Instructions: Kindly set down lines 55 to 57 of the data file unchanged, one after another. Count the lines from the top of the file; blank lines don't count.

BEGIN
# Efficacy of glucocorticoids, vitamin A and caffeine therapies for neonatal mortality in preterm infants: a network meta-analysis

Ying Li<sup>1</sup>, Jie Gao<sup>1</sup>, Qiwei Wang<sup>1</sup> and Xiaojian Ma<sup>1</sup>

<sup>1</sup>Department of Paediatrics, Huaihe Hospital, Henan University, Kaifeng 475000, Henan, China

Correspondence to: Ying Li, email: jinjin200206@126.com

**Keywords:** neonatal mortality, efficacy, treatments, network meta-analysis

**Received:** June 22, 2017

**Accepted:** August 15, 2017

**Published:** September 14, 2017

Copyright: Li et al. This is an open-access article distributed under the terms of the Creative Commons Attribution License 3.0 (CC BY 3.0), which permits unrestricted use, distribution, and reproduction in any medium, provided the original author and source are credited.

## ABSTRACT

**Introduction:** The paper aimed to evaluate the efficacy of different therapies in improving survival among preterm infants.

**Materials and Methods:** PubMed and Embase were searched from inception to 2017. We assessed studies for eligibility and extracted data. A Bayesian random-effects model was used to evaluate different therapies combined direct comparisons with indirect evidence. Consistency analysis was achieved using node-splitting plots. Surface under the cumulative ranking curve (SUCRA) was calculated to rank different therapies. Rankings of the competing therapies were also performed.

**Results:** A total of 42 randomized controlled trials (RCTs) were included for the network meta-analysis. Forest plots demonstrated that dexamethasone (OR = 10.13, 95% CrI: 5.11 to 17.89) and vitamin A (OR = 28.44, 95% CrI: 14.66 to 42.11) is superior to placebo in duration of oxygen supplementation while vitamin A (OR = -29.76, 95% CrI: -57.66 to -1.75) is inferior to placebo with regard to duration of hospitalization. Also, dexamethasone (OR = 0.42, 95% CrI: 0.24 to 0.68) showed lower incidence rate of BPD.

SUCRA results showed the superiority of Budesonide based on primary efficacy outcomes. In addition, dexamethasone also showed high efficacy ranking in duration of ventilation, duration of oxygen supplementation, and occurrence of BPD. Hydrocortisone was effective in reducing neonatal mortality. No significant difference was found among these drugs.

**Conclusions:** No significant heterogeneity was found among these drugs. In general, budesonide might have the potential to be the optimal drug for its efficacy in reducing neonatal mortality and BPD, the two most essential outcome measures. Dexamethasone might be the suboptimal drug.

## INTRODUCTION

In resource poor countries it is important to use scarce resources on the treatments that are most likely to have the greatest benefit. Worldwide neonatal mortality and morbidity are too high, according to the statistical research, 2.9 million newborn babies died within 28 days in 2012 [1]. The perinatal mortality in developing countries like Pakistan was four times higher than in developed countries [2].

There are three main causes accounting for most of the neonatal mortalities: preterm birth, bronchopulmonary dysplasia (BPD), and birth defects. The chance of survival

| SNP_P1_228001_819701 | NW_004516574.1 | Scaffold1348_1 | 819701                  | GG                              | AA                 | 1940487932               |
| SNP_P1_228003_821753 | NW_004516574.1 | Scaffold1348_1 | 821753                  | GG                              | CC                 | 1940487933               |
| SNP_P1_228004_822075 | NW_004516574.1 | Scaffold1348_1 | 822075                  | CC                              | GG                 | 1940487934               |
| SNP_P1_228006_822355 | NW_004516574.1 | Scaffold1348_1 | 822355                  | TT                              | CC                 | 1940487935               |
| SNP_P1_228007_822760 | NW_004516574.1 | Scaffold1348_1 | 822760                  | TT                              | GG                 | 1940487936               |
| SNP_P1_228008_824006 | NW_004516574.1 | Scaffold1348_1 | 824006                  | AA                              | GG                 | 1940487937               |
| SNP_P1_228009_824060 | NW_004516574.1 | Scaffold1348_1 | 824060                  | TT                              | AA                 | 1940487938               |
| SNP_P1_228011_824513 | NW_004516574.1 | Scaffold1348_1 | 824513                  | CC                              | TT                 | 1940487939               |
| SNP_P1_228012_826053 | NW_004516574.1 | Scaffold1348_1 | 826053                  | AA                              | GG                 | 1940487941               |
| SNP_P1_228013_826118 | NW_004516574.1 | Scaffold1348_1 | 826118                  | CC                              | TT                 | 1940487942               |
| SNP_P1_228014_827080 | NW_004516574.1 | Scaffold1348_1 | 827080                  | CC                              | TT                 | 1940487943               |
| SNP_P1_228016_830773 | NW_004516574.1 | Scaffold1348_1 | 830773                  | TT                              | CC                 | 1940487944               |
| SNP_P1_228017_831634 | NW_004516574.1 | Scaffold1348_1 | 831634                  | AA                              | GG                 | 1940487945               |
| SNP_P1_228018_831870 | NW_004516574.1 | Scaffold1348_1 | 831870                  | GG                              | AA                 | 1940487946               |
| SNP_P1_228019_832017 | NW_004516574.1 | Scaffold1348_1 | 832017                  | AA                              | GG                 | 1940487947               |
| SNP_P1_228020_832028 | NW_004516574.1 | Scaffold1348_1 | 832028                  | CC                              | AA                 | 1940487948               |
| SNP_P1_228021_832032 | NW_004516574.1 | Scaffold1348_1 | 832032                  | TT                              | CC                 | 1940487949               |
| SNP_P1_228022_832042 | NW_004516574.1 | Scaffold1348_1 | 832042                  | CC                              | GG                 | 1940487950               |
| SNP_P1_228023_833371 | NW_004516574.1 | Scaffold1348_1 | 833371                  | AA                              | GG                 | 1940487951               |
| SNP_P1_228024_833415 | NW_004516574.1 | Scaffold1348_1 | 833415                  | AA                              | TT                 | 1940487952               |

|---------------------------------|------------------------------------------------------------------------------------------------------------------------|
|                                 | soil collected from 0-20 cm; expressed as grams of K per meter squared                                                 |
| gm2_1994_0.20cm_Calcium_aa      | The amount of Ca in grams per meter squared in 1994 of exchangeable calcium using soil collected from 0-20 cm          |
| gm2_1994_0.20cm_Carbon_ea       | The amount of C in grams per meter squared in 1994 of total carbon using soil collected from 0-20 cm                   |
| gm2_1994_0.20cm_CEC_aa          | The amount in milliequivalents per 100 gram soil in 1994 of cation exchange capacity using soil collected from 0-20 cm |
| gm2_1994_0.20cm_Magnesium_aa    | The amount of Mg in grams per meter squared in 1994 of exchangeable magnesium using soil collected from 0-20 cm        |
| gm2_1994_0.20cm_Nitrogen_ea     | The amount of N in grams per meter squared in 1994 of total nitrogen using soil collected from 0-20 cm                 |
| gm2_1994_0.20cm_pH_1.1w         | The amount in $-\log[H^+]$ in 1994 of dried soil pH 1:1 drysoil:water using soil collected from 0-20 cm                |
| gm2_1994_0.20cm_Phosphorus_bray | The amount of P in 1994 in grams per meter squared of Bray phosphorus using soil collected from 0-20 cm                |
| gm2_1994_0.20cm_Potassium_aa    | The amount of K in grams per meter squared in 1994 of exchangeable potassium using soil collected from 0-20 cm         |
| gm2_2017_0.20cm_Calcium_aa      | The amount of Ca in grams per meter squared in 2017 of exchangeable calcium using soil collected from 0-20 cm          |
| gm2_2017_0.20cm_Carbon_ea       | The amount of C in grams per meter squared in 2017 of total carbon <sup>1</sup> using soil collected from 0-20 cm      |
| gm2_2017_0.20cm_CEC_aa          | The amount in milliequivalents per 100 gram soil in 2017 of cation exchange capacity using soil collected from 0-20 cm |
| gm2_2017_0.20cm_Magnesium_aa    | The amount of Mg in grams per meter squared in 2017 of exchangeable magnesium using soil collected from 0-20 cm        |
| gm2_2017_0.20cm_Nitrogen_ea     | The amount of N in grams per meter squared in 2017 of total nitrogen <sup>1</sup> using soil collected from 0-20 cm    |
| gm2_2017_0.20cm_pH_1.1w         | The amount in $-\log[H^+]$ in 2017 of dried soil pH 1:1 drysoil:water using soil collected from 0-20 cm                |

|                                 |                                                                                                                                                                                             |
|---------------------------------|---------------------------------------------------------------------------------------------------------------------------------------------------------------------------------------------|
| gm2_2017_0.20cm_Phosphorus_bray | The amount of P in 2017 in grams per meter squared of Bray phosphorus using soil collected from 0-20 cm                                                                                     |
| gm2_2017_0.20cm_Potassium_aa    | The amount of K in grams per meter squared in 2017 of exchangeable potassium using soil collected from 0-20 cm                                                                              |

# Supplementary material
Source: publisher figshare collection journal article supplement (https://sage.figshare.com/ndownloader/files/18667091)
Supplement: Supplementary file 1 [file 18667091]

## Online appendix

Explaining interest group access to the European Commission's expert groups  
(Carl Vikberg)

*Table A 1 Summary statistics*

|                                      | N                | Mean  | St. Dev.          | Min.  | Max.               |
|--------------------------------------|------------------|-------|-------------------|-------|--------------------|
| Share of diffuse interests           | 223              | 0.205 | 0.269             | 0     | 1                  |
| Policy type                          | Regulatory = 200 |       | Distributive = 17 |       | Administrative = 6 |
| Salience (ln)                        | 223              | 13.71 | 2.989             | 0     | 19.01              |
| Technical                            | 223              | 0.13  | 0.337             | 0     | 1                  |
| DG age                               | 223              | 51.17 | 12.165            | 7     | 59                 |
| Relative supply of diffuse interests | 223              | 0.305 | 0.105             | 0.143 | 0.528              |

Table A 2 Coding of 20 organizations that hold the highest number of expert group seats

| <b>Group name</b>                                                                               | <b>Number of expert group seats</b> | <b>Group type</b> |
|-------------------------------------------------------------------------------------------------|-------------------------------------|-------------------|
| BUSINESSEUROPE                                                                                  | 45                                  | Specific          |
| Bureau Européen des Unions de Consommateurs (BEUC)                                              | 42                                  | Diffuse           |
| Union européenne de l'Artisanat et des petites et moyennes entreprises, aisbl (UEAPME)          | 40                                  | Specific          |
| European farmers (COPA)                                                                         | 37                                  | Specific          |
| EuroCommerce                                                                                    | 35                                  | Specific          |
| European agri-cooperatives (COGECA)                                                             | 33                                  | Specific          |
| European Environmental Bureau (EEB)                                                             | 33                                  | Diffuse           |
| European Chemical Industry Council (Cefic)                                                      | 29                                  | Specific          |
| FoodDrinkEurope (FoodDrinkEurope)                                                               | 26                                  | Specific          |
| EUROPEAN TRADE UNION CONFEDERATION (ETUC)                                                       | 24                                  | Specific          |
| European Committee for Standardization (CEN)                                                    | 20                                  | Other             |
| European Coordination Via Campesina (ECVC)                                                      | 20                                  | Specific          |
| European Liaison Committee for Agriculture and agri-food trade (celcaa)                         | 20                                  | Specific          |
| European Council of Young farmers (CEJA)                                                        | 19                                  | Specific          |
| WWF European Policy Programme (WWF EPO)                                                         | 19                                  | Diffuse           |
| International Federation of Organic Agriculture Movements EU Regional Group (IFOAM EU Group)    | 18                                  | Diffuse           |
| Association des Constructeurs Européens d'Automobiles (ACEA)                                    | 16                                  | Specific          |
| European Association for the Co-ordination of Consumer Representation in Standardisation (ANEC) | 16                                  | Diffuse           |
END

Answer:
|                                 |                                                                                                                                                                                             |
|---------------------------------|---------------------------------------------------------------------------------------------------------------------------------------------------------------------------------------------|
| gm2_2017_0.20cm_Phosphorus_bray | The amount of P in 2017 in grams per meter squared of Bray phosphorus using soil collected from 0-20 cm                                                                                     |